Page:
Gut-related challenges in children with Autism Spectrum Disorder(ASD)
Research has shown the promise of using probiotics as peace makers of a distressed gut in children with ASD. Children with ASD often possess one or more of the following problems - gut inflammation, irritable bowel syndrome, disrupted gut microbial composition. Clinical trials have shown alleviation of some of these symptoms through the consumption of probiotics. Though definitive connection between probiotics and ASD management is missing, there is sufficient preliminary evidence of an improvement in behavioral responses seen in these children, due to probiotic intervention1.
Gut-related challenges in children with Down's syndrome
In children with Down’s syndrome, a common cause for gastrointestinal distress is inherent structural malformations of the gastrointestinal (GI) tract (such as, in the esophagus, anus, small intestine or colon). Celiac disease, an autoimmune disorder where the body reacts against the ‘wheat protein’ gluten, is also observed in some children with Down’s syndrome, which can further enhance GI distress2. These structural malformations cannot be reversed, but parents and nutritionists have reported benefits of probiotics towards the management of some disruptive symptoms in the GI tract of children with Down’s.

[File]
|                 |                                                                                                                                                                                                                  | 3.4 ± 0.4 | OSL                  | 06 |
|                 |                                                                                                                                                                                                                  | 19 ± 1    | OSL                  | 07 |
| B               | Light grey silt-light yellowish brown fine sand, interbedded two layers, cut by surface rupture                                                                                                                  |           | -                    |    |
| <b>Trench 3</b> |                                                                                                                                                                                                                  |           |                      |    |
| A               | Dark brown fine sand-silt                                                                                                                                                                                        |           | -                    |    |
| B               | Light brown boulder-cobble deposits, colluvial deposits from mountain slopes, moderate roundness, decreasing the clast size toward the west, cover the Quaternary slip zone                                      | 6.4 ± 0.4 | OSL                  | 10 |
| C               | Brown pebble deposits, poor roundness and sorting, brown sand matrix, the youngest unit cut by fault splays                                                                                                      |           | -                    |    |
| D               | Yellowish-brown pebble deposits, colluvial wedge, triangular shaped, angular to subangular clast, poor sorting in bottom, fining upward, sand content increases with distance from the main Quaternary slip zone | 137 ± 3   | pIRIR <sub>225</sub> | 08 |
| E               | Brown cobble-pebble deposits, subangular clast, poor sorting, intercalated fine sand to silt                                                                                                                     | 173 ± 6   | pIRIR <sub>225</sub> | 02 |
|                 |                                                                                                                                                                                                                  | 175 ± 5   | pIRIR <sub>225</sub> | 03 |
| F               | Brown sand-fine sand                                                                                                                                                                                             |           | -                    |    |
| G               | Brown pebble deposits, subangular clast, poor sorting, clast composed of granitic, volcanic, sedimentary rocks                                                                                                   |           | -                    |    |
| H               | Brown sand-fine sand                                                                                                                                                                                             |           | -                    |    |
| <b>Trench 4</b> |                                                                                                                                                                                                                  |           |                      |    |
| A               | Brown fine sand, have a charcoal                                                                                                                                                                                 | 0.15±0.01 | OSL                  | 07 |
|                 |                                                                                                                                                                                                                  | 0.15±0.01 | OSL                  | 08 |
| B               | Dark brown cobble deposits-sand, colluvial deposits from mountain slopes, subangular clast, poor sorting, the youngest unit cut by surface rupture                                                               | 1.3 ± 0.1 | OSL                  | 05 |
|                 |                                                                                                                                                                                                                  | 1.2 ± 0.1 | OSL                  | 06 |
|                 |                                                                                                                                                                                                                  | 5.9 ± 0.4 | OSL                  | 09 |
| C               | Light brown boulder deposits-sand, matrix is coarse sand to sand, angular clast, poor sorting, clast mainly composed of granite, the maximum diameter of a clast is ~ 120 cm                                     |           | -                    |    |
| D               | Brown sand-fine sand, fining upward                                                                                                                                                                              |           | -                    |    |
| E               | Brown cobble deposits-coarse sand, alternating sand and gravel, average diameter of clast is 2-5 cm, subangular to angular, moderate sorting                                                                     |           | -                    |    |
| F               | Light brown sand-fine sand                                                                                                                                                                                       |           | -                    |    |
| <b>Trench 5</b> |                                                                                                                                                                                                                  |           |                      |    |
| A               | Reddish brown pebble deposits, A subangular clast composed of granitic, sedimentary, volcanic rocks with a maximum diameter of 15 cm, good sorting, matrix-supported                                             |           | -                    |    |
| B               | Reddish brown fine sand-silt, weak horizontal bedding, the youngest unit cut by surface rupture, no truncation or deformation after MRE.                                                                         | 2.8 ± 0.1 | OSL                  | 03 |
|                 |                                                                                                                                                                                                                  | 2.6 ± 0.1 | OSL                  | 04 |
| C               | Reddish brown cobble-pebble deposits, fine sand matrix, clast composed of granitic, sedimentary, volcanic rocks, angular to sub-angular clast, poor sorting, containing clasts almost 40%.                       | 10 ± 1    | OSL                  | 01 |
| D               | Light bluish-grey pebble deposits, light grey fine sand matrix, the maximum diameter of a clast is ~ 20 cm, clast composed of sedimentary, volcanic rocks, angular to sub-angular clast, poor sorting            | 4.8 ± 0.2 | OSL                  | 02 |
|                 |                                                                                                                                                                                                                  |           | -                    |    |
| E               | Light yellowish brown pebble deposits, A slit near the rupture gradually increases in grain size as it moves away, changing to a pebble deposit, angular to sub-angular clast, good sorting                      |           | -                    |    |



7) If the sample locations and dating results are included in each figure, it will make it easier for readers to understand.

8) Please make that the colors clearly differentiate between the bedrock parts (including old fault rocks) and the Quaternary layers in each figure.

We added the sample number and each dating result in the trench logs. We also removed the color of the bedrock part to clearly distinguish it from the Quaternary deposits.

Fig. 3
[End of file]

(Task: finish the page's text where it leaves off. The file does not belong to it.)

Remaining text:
Other common challenges
In addition to structural gut problems in children with DD, another common cause for GI disruption is due to dietary factors. Consumption of less fluid accompanied by a diet that is low in fiber can exaggerate gut-related challenges further. Low mobility due to physical disabilities can also impact the movement of the child’s bowels. In some cases, medications being administered for gut-unrelated issues may also alter the gut physiology. These are just some of the examples of gut-related problems that are slowly emerging. In all these circumstances, intervention through probiotics can help restore some balance and ease the distress faced by the child and his/her gut3.
Symptoms that spell the need for probiotics
We have now understood the multi factorial reasons for a distressed gut in children with DD. Here are a few specific (and common) symptoms to watch out for, that signals the need for probiotic supplementation.
• Chronic constipation
• Chronic diarrhea
• Delay in bowel transit time
• Inflammatory bowel syndrome (IBS)
INFECTIONS & INFLAMMATIONS
• Intestinal infections caused by antibiotics (yeast/Candida, C. difficile)
• Rotavirus incidence
• Digestive tract inflammation (gastritis, duodenitis, colitis, H.Pylori)
• Systemic (total body) inflammation
• Recurring urinary tract infections (UTI)
SKIN CONDITIONS & ALLERGIES
LOW IMMUNITY & MOODS
• Recurrent cold or other infections in the body (for e.g. ear)
Scientific references, for futher reading
1. Navarro et al, 2016. Can probiotics benefit children with autism spectrum disorders? World J Gastroenterol. 22(46): 10093-10102, Dec 14 (2016)
3. Elawad MA and Sullivan PB, Management of constipation in children with disabilities, Dev Med Child Neurol. Dec;43(12):829-32 (2001)
To learn more about dietary changes that can help manage these nutritional concerns, please also refer to our nutrition booklet for ideas.
DISCLAIMER: Please note that this guide is for information purposes only. Please consult a qualified health practitioner for safe management.
Understand how Probiotics can be beneficial for the management of gut-related challenges in children.